Career site Glassdoor has compiled a list of the 50 best jobs in the U.S. for 2017, and the three top jobs are all from the tech sector: Data Scientist, DevOps Engineer and Data Engineer. In addition, other top jobs included Database Administrator, UX Designer, and Mobile Developer. Jobs are ranked according to their overall score, which is determined using three key factors: earning potential based on median annual base salary, job satisfaction rating and number of job openings. The jobs that made this list performed highly across all three categories.
The position of data scientist leads with an overall score of 4.8 (out of 5.0), a healthy job satisfaction rating is a healthy 4.4 and a median base salary of $110,000. Currently, there are over 4,000 job openings for data scientists in the U.S. Also with a starting salary of $110,000 but with far fewer openings (2,725), is the title of DevOps engineer. With a job score of 4.7 and a job satisfaction rating of 4.2, DevOps engineers help organizations keep their application development and deployment effort on track. Data engineers (in third place) skilled in preparing data for analytics applications can expect to pull in $106,000 to start. Nearly 2,600 such positions remain unfilled in the U.S.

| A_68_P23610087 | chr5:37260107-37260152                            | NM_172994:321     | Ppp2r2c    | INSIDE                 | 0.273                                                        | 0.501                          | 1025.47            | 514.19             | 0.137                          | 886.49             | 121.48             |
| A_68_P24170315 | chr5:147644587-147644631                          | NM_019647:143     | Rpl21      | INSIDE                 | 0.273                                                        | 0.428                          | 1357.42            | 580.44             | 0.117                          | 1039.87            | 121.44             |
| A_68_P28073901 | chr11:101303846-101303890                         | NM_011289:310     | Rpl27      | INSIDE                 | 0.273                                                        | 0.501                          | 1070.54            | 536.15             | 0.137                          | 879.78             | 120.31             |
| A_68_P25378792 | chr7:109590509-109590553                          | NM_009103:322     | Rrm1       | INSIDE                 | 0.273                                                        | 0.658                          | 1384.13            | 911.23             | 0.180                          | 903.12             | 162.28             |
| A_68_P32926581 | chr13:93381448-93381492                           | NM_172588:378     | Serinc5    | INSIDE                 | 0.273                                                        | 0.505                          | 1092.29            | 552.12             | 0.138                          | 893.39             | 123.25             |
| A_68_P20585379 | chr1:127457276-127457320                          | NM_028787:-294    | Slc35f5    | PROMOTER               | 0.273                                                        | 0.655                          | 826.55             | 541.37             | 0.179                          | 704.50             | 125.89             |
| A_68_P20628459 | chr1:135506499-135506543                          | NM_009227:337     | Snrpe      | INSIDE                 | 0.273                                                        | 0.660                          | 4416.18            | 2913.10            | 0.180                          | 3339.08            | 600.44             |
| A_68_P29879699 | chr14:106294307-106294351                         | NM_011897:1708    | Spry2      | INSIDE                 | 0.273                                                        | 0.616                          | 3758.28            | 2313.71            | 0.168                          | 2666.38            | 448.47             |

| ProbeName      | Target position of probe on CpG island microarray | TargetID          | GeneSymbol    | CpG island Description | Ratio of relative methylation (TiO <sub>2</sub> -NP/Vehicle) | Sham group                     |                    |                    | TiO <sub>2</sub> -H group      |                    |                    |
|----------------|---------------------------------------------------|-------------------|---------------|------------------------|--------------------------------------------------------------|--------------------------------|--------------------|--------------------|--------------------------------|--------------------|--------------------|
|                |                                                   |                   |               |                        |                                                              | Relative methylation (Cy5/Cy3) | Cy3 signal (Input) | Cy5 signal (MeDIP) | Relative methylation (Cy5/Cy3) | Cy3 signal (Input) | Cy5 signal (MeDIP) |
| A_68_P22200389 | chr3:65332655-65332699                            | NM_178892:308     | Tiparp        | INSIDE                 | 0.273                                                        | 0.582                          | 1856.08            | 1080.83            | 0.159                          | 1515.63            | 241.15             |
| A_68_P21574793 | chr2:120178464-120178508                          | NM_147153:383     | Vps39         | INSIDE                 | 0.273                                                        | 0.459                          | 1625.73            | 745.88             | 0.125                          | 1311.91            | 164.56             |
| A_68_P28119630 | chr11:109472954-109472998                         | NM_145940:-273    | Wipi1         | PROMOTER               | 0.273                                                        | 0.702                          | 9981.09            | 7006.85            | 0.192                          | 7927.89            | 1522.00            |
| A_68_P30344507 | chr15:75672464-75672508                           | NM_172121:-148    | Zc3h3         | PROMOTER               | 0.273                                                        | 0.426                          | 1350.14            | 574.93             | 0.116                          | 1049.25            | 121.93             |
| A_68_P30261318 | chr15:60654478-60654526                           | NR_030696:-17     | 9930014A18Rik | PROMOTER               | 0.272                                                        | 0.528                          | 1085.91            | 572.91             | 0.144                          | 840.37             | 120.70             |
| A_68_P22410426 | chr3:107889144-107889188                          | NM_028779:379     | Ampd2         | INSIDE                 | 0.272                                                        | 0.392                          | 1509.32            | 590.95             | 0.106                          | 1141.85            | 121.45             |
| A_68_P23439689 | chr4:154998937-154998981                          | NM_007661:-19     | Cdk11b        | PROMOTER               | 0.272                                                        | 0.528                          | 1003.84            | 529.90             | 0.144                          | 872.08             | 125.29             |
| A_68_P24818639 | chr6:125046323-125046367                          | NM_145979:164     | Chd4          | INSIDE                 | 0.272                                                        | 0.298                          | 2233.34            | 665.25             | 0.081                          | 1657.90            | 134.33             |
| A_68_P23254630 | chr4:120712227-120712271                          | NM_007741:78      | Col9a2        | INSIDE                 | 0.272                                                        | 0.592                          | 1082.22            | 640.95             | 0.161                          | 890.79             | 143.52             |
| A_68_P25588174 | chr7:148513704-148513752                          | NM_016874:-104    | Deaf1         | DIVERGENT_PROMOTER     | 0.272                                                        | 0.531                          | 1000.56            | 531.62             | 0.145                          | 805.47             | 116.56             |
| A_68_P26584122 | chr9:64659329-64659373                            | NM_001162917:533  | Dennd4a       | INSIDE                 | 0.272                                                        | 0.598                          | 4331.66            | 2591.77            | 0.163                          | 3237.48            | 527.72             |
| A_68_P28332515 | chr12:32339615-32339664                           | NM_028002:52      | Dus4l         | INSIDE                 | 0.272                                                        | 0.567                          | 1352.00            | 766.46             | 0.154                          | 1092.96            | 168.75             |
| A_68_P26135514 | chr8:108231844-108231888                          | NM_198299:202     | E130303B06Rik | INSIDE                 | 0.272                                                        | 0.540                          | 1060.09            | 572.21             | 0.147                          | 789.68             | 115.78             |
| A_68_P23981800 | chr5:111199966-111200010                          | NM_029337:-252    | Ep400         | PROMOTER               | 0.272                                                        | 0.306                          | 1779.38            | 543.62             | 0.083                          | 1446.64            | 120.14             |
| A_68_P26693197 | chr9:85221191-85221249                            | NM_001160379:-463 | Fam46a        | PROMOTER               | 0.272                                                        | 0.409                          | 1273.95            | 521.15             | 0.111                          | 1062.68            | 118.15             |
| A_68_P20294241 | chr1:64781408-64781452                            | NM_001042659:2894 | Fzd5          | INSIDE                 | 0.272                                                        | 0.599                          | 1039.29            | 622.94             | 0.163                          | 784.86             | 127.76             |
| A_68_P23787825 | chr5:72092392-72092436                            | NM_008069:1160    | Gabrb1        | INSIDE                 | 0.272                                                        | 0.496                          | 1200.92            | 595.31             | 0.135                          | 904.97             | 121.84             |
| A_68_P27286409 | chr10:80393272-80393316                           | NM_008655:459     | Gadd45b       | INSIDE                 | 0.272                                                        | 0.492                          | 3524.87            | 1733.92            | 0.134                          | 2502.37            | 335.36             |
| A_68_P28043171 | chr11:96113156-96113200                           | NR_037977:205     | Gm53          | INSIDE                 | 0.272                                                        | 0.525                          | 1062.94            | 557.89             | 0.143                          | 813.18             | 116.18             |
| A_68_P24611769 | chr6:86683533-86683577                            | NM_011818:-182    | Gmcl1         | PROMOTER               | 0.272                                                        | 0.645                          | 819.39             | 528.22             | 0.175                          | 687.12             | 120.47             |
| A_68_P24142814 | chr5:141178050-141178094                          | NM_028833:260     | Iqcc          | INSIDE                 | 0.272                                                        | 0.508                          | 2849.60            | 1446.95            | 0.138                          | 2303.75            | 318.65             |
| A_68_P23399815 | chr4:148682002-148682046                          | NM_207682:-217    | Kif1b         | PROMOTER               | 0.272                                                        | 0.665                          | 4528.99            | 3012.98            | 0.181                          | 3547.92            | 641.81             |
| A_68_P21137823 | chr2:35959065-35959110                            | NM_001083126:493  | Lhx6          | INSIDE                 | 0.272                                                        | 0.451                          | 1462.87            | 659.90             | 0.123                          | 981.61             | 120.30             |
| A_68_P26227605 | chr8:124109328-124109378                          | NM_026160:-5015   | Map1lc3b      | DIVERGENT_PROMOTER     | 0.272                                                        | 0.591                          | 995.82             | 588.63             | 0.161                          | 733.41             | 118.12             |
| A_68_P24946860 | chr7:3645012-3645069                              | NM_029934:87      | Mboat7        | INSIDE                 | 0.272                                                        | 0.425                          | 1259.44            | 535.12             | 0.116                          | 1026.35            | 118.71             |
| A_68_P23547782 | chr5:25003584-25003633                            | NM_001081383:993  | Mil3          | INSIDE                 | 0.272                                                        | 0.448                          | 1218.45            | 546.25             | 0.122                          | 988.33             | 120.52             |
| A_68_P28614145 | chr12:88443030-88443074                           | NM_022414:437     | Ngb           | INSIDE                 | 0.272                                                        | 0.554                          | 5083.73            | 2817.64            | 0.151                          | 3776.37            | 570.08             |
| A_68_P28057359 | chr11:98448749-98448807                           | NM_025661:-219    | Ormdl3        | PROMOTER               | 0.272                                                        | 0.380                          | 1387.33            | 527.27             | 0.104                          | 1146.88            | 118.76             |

Artificial intelligence is almost certainly going to have a measurable impact on software development, with developers becoming more like data scientists. That means that companies could change the way they think about recruiting and retaining software developers. For example, AI and deep learning will change how software is written. The long-standing paradigm of developers spending months at a time simply writing features will change. The lesson is clear: for anyone planning to become a software developer, knowledge of AI and data science could be key.